4. What are some of the consequences of such propaganda? How effective it was and how did the public react?

To answer these questions, this study utilizes primary sources, the news articles published by the People's Daily on the Vietnamese affairs from 1965 to 1976, along with the relevant postage stamps released by the China's Posts and Telecom Press in pertaining period. (6) Both sources had been used by the CCP as major methods for propaganda.
Established in 1948, People's Daily (or Renmin Ribao in Chinese) is daily newspaper published in Beijing as the mouthpiece of the Central Committee of the CCP, and it is under regulation of the Propaganda Department of the Central Committee. It often carries political articles and speeches and reports made by government or party leaders. Many of its front page commentaries are written in the CCP's headquarters and then reprinted by other papers and broadcasted by radio and television stations, so one can say that the voice of People's Daily literally reverberates throughout the country. (7) Moreover, copies of People's Daily were usually publicized in display cases at street intersections, and some of its important articles were read at local party meetings, etc. (8) Therefore People's Daily has a great influence in deciding contents of other press and media and enjoys hegemony in shaping Chinese public opinion. Such news circulation process helps create consistency in mass media so that the party can push forward a strong, united propaganda front. Therefore, a properly selected articles from People's Daily can be a fair indicator of how the CCP propagate the Vietnam War to the public and what subtle but important changes had the CCP's propaganda undergone.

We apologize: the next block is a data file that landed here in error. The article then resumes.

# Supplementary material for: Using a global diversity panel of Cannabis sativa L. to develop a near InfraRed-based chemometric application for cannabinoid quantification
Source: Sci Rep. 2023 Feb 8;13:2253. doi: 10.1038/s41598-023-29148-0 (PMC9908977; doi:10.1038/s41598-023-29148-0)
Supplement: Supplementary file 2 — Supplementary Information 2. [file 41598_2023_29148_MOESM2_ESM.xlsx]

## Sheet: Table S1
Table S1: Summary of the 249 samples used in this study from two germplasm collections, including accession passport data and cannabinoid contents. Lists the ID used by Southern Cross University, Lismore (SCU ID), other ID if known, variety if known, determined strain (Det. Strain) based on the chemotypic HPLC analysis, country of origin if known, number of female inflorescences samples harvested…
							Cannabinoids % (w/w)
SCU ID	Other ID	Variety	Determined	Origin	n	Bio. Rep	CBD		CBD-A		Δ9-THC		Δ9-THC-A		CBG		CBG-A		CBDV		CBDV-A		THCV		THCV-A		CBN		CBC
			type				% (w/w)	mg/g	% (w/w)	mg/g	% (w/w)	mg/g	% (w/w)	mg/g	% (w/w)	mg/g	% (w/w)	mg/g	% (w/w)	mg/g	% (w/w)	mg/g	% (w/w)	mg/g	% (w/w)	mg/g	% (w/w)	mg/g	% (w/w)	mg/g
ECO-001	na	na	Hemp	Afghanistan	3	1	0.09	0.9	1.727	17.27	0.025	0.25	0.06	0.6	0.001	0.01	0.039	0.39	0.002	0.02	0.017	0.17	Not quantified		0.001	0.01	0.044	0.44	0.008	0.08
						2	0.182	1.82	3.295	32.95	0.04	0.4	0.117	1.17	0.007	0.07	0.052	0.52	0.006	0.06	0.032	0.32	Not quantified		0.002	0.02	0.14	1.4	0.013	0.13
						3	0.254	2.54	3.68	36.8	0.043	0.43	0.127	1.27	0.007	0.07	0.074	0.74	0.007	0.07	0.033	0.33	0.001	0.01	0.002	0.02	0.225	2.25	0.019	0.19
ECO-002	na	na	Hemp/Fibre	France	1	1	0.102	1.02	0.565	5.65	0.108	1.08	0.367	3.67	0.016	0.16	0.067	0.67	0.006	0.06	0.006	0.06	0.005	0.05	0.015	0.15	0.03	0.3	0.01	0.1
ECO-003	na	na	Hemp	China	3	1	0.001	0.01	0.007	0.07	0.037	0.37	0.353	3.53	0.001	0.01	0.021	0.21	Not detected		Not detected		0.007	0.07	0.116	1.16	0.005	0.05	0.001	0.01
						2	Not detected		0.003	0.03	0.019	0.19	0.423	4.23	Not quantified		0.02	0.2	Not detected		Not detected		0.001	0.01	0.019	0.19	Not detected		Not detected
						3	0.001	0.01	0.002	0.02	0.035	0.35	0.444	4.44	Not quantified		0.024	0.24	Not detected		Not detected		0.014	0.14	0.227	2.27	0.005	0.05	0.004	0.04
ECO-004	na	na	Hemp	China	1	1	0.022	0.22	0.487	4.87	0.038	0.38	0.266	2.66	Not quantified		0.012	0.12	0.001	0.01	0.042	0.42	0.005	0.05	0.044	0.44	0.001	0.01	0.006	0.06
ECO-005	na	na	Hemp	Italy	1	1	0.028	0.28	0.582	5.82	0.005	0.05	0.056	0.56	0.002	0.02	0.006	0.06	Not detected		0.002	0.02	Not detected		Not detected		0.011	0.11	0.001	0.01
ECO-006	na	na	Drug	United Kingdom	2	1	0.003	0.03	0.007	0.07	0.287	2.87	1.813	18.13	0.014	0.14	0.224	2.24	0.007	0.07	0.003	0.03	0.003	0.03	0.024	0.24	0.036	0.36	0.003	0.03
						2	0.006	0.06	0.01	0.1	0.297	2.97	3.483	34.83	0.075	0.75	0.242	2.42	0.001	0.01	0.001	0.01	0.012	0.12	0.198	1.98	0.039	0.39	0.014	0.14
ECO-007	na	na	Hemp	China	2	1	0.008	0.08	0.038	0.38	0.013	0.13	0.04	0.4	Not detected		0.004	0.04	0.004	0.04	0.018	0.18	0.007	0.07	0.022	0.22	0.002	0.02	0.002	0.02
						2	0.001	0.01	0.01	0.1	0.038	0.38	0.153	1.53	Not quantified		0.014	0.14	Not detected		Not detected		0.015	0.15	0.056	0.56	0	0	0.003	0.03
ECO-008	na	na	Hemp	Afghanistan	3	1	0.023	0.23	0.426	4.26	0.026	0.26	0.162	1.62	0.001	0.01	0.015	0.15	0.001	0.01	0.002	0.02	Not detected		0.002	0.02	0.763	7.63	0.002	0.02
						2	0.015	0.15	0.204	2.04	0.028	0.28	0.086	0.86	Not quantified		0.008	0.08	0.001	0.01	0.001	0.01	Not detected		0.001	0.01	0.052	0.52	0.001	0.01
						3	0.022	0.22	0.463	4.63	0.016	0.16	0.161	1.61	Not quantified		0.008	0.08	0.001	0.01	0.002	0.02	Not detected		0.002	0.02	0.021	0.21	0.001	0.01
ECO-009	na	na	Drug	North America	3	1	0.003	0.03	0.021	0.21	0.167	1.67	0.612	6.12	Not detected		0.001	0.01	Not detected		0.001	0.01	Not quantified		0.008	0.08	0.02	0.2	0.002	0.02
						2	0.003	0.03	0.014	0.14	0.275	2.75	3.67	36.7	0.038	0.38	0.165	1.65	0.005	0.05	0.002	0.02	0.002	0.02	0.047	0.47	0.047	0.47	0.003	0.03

Postage stamp is another frequently used tool for propaganda. Stamps are like small but effective posters due to the scale and scope of their distribution. In 1927, the communist China began using crude postage stamps it mass-produced for propaganda in its base territories. In 1949, when the CCP won national power, the party established the Ministry of Posts and Telecommunications to produce better-quality stamps designed to glorify the communist rule and impress the masses. (9) During the Cultural Revolution, the postal and telecommunications functions were separated for two years, and the stamp sales reduced. However, the images and texts on stamps remained no less propagandistic. A close study of postal stamps published each year can reveal the priority of the CCP's general propaganda policy at a specific period.
In the rest of this paper, the combination of two types of sources will reveal the general features and evolving trend of the CCP's propaganda on the Vietnamese affairs, and then an analysis based on historical background and testimonies from memoirs will shed light on the motivations behind propaganda as well as the public's reaction to it.

II. General Features